Guest post by Shawn Gallagher.
Destiny is a strange beast. It took a while, but eventually the game became an enduring, highly-regarded staple for many of its players, so it makes sense that a ton of them are also pumped for Destiny 2. Ahead of its release, however, Bungie continues to field criticisms of the game. Specifically, players are arguing about whether it qualifies as a “true sequel” or simply “Destiny 1.5.”
Without going too deep down that rabbit hole as I have in the past, I’ll just say that Destiny 2 looks like a sequel to me. Some key improvements over the original will, to my thinking, prove to be a game changer for the franchise. Namely, I’m talking about the much more robust Clans system and its lone wolf inspired counterpart, Guided Games.
When Destiny was released, it turned out to be almost nothing like what so many of us had imagined. The story was hollow, the missions were repetitive, and the progression system was convoluted. Despite all of this, many of us can’t stop playing.
There is something there, some undeniable pull to the game that calls you back to it time and time again. A lot of people are still answering that call to this day. Luke Smith, the director for Destiny 2, likes to describe Destiny as “sticky.” I’d be hard-pressed to come up with a better adjective. The game can be just plain fun. That said, it hasn’t always been that simple.
Most of the best stuff in Destiny is reserved for players who are able to put up with enough complicated nonsense to actually reach it. Too frequently, the game gets in its own way. In order to take on its toughest challenges, for example, you need people. Finding the right ones – competent players you gel with – can prove to be a huge pain. This is exacerbated by the fact that in Destiny there’s no matchmaking system for the kinds of missions I’m talking about.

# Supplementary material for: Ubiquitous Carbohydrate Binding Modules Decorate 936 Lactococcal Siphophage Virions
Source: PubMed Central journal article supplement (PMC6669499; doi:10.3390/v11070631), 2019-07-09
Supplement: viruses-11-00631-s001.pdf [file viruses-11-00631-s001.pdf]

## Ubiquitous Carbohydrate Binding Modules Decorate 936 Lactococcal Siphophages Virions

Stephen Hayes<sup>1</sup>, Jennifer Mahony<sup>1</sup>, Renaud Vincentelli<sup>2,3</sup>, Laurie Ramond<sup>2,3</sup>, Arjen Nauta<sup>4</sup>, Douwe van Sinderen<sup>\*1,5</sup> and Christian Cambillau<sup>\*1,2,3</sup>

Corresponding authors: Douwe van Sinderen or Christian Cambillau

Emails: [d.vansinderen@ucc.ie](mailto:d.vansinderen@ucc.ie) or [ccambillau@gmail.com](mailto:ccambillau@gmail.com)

Chiefly, this means that end-game content – stuff like Raids, Weekly Nightfalls, and Heroic strikes – are off the table for many. It’s not that the missions themselves are too hard; the challenge of overcoming them is their most rewarding aspect. Put simply, they’re just prohibitively difficult to organize around. Many players lack the time or patience (or both) to establish functional partnerships with random strangers.
Sometimes you get lucky – you land yourself in a group of awesome people and everything runs like clockwork. The rest of the time, your best bet is to hang out on third-party websites dedicated to helping players find groups. It can take a while and the results can be hit or miss. There was a period when such utilities didn’t exist, however. Times were dark then, indeed. The core of the original Destiny experience has always been its emphasis on teamwork. Yet, that’s precisely where the original sometimes floundered.
Even so, it’s not all bad. Requiring players to reach out to one another forced them to meet new people. Some lasting relationships have been forged because of Bungie’s insistence on making players develop a rapport before jumping into meticulously crafted Raids. To our credit, we made it work. Like any other, the Destiny community has some bad apples, but on the whole, it’s one of the most inclusive and resourceful groups that I’ve ever seen.
That’s largely because, though the game is a maelstrom of fun and frustration, its foundation remains rock solid. The gunplay in Destiny is top-notch. Bungie has a towering pedigree in that area. Thanks to their work on Halo, they’ve got years of experience honing exceptional shooting mechanics. When it comes to that, few studios are at their level. Speaking of which – the level design is pretty on point too. The worlds of Destiny are a sight to behold, even if they were never utilized to their potential.